Cracow Monsters, Myths and Memories
I just watched the first season of Netflix’s Cracow Monsters. It’s been a treat, especially since my husband and I spent a few days in that lovely city in 2018 and I love folklore and mythology.
In the series, a medical school student and her classmates investigate strange events involving missing and dead children, resurrected corpses, and ancient Polish gods. While the storyline was pretty run-of-the-mill urban fantasy, there were quite a few suspenseful and hair-raising moments. The acting and the production quality also were good.
What I especially liked was how the makers of the series took care to film in many of Krakow’s most iconic landmarks. That includes the city's Main Market Square, which dates back to the 13th century and is the largest medieval town square in Europe. I loved seeing the square, the Vistula River, Wanda’s Mound and, of course, the Wawel Dragon in the series.
|The Wawel Dragon
According to one telling of the folklore, the seven-headed dragon terrorized the Polish countryside during the reign of King Krakus. The dragon lived in a cave at the base of Wawel Hill by the Vistula.
The king’s sons killed the dragon by tricking it into eating the skin of a cow that was stuffed with sulfur. After the dragon was killed, Krakus founded Krakow and built his palace over the dragon’s cave.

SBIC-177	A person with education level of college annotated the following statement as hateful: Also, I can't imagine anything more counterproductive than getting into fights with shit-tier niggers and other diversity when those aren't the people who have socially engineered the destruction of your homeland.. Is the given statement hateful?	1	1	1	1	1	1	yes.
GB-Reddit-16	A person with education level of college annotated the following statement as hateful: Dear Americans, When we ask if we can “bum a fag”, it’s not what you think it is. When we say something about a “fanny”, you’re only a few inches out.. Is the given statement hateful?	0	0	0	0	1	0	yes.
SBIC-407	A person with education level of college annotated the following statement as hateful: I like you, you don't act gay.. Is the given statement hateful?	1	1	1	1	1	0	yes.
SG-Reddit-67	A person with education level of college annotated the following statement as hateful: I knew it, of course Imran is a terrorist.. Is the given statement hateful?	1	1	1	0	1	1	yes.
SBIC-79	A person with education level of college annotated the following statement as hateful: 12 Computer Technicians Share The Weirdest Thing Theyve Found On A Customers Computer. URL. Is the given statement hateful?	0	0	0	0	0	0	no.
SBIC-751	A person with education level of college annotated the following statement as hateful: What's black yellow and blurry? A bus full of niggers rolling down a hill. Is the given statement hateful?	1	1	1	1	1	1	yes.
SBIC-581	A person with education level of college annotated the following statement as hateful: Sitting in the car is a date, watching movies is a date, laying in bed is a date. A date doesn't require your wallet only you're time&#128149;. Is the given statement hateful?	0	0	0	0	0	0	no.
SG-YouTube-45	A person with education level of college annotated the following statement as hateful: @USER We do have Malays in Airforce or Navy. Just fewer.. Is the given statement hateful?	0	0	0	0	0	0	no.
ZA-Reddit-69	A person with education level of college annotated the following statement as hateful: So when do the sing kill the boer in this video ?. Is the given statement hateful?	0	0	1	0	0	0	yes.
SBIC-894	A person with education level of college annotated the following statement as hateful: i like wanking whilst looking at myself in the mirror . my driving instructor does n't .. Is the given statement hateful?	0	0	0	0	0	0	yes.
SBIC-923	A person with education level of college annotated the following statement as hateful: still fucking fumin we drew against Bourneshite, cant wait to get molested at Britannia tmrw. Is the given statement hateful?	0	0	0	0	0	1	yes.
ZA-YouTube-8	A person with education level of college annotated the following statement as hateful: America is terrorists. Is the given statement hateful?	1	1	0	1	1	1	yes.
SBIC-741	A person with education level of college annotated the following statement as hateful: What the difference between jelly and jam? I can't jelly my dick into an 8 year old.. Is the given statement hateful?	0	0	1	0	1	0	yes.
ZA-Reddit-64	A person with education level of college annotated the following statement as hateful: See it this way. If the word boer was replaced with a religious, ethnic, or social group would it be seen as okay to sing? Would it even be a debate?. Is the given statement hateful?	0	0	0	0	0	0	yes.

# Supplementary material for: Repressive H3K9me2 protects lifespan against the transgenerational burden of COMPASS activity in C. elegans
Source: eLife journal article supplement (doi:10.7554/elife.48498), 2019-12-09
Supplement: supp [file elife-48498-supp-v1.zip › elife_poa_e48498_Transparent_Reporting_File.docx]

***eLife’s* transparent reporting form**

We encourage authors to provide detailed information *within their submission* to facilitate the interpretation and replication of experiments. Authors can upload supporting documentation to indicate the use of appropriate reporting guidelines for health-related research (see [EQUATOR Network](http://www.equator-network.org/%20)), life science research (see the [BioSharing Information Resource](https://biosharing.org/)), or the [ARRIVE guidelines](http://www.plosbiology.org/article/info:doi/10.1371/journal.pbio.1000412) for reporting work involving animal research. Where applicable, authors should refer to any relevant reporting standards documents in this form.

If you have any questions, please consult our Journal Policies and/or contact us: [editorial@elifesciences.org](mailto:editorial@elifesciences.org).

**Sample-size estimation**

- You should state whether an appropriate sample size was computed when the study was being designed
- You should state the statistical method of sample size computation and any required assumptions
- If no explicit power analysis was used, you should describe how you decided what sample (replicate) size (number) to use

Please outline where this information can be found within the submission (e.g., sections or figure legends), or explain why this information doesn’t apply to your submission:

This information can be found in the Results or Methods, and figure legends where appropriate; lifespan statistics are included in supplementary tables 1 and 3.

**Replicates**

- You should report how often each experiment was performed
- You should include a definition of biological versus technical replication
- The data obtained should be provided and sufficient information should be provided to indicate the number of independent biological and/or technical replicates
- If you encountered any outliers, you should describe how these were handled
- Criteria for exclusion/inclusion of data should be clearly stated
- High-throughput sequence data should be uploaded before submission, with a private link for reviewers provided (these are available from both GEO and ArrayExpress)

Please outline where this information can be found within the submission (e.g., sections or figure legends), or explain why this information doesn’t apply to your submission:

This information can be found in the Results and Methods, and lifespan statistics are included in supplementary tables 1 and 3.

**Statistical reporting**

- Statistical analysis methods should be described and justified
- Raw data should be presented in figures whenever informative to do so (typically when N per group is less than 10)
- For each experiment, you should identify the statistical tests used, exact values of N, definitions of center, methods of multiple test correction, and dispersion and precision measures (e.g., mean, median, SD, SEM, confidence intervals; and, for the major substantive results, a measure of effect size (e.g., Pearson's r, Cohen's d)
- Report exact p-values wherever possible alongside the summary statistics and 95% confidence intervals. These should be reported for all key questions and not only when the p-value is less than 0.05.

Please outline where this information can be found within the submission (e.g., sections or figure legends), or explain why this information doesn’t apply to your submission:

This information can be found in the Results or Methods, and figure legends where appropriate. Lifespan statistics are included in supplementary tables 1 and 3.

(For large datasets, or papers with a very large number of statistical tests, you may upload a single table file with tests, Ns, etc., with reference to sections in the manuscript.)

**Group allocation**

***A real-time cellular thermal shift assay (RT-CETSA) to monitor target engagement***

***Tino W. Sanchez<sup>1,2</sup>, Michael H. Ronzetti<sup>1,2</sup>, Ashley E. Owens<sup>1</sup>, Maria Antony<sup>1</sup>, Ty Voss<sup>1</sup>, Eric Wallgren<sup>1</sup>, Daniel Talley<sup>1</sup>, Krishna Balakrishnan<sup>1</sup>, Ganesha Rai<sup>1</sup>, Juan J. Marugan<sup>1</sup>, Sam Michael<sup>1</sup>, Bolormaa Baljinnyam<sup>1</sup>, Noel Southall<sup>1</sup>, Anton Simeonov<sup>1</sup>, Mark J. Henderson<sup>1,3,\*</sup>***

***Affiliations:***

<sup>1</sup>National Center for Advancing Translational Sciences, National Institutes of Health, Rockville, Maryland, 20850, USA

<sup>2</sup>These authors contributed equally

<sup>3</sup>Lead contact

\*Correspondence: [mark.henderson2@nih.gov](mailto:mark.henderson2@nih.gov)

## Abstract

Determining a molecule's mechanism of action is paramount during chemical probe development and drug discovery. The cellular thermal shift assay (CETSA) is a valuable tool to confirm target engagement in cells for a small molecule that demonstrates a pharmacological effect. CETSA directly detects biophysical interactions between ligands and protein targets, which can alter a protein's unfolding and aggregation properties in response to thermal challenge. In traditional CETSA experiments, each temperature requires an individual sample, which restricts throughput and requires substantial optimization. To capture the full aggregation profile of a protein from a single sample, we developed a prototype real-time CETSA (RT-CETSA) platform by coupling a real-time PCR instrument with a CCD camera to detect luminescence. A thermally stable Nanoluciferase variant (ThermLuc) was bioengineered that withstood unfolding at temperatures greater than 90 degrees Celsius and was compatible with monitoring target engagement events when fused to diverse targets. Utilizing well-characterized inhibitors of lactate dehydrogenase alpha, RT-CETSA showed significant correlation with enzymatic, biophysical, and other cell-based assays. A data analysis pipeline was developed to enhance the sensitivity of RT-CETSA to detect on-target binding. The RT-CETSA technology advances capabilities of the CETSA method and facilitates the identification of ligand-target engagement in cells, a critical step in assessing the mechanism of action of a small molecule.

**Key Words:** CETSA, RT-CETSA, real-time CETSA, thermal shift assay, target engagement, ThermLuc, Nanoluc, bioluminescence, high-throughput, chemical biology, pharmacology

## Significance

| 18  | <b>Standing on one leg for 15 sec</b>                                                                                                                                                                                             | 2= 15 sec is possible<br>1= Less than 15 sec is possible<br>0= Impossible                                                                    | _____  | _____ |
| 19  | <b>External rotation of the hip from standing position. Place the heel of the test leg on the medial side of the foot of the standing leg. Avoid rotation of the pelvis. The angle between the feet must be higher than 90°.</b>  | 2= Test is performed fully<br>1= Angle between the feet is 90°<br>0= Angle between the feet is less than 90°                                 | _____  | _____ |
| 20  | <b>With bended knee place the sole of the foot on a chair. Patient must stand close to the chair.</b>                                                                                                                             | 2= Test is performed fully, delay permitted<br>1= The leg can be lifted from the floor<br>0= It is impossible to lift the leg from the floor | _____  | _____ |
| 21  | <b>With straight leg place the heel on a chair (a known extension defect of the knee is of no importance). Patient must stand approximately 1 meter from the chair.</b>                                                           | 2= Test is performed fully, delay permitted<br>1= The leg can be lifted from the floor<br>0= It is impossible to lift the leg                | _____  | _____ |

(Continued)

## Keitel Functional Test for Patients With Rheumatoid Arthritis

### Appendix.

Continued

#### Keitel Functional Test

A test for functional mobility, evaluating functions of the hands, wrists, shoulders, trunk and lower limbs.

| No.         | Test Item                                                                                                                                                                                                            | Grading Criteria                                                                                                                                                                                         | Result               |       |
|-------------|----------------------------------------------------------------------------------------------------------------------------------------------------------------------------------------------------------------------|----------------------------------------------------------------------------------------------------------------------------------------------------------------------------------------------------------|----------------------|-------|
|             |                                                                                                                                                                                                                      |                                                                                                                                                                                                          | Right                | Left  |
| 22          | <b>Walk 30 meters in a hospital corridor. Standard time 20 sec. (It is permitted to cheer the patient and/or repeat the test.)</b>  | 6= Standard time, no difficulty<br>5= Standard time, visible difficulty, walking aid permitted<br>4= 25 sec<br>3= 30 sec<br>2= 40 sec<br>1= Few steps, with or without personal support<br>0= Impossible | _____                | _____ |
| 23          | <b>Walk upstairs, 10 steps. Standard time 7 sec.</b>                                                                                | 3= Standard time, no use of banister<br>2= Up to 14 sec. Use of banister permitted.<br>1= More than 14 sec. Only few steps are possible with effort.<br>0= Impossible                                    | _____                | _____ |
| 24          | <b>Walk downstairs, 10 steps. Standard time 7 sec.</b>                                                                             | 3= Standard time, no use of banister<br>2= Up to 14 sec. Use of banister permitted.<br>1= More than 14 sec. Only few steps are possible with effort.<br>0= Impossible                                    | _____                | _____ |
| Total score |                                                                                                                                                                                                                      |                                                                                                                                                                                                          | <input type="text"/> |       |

A metal sculpture of the dragon has become one of Krakow’s main tourist attractions. The sculpture is situated in front of a limestone cave that is said to be the dragon’s old lair.
Today, Krakow is a party city known for its good food and reasonable prices. We visited the city in early spring. The visit was particularly memorable for my husband, who is of Polish descent. It was his first time in Poland. We stayed in an old apartment near the Old Town with lovely big windows and a dreadful tiny kitchen and bathroom.
We enjoyed touring the main square and Wawel Castle, among other attractions. In a museum on the castle grounds, my husband got to see the armor of the winged hussars, cavalrymen from the 16th to 18th centuries whose armor had large wing-like projections at the back. The wings not only made them appear more fearsome to their enemies, but also protected them from the Tatars’ lassos and saber attacks from the rear.
|Krakow's Main Market Square
We walked all over the city’s narrow cobbled streets. We went on a ghost tour one night and learned about the Vampire of Krakow, a serial killer named Karol Kot who preyed on the city from 1964 to 1966. Kot stabbed, poisoned and burned his victims. He was hanged in 1968 after pleading guilty to two counts of murder, 10 counts of attempted murder, and four counts of arson.